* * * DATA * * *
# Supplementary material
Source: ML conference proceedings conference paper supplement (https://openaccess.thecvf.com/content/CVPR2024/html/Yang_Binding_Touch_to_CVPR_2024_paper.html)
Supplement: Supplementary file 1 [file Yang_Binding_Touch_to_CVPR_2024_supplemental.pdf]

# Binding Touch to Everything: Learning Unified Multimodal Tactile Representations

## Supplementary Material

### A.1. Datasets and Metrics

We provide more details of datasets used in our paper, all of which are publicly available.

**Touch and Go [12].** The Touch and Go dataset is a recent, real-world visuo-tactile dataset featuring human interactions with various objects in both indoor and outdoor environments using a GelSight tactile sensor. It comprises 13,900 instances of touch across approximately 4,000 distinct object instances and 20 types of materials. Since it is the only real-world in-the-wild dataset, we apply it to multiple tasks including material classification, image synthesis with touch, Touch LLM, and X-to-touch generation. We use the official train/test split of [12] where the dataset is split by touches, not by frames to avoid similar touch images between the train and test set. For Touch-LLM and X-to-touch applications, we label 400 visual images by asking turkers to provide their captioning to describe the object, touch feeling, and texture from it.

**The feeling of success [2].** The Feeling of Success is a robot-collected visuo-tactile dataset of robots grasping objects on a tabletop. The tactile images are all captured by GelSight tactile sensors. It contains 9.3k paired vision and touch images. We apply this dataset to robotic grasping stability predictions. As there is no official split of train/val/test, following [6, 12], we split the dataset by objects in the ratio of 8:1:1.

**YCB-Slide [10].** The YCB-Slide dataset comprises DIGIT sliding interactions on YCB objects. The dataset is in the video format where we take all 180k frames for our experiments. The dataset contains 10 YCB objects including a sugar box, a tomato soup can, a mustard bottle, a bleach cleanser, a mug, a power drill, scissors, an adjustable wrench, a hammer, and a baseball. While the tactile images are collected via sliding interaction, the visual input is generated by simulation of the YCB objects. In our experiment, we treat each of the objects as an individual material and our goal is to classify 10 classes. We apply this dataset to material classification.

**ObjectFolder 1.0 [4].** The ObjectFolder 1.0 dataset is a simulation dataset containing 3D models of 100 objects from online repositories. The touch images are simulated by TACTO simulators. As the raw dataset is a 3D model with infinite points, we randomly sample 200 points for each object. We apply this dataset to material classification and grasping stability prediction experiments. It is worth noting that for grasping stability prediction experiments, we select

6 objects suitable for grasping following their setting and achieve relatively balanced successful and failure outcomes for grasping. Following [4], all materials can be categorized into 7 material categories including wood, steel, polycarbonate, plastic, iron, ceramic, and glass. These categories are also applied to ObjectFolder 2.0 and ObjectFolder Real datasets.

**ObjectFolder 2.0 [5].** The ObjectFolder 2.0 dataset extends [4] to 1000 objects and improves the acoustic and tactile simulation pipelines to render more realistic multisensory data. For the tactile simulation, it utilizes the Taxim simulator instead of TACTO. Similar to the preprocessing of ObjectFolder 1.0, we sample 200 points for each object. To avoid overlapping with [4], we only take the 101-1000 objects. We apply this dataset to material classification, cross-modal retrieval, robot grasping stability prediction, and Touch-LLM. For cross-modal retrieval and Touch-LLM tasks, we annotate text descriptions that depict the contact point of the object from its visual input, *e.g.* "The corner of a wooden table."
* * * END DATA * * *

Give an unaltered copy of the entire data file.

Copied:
# Supplementary material
Source: ML conference proceedings conference paper supplement (https://openaccess.thecvf.com/content/CVPR2024/html/Yang_Binding_Touch_to_CVPR_2024_paper.html)
Supplement: Supplementary file 1 [file Yang_Binding_Touch_to_CVPR_2024_supplemental.pdf]

# Binding Touch to Everything: Learning Unified Multimodal Tactile Representations

## Supplementary Material

### A.1. Datasets and Metrics

We provide more details of datasets used in our paper, all of which are publicly available.

**Touch and Go [12].** The Touch and Go dataset is a recent, real-world visuo-tactile dataset featuring human interactions with various objects in both indoor and outdoor environments using a GelSight tactile sensor. It comprises 13,900 instances of touch across approximately 4,000 distinct object instances and 20 types of materials. Since it is the only real-world in-the-wild dataset, we apply it to multiple tasks including material classification, image synthesis with touch, Touch LLM, and X-to-touch generation. We use the official train/test split of [12] where the dataset is split by touches, not by frames to avoid similar touch images between the train and test set. For Touch-LLM and X-to-touch applications, we label 400 visual images by asking turkers to provide their captioning to describe the object, touch feeling, and texture from it.

**The feeling of success [2].** The Feeling of Success is a robot-collected visuo-tactile dataset of robots grasping objects on a tabletop. The tactile images are all captured by GelSight tactile sensors. It contains 9.3k paired vision and touch images. We apply this dataset to robotic grasping stability predictions. As there is no official split of train/val/test, following [6, 12], we split the dataset by objects in the ratio of 8:1:1.

**YCB-Slide [10].** The YCB-Slide dataset comprises DIGIT sliding interactions on YCB objects. The dataset is in the video format where we take all 180k frames for our experiments. The dataset contains 10 YCB objects including a sugar box, a tomato soup can, a mustard bottle, a bleach cleanser, a mug, a power drill, scissors, an adjustable wrench, a hammer, and a baseball. While the tactile images are collected via sliding interaction, the visual input is generated by simulation of the YCB objects. In our experiment, we treat each of the objects as an individual material and our goal is to classify 10 classes. We apply this dataset to material classification.

**ObjectFolder 1.0 [4].** The ObjectFolder 1.0 dataset is a simulation dataset containing 3D models of 100 objects from online repositories. The touch images are simulated by TACTO simulators. As the raw dataset is a 3D model with infinite points, we randomly sample 200 points for each object. We apply this dataset to material classification and grasping stability prediction experiments. It is worth noting that for grasping stability prediction experiments, we select

6 objects suitable for grasping following their setting and achieve relatively balanced successful and failure outcomes for grasping. Following [4], all materials can be categorized into 7 material categories including wood, steel, polycarbonate, plastic, iron, ceramic, and glass. These categories are also applied to ObjectFolder 2.0 and ObjectFolder Real datasets.

**ObjectFolder 2.0 [5].** The ObjectFolder 2.0 dataset extends [4] to 1000 objects and improves the acoustic and tactile simulation pipelines to render more realistic multisensory data. For the tactile simulation, it utilizes the Taxim simulator instead of TACTO. Similar to the preprocessing of ObjectFolder 1.0, we sample 200 points for each object. To avoid overlapping with [4], we only take the 101-1000 objects. We apply this dataset to material classification, cross-modal retrieval, robot grasping stability prediction, and Touch-LLM. For cross-modal retrieval and Touch-LLM tasks, we annotate text descriptions that depict the contact point of the object from its visual input, *e.g.* "The corner of a wooden table."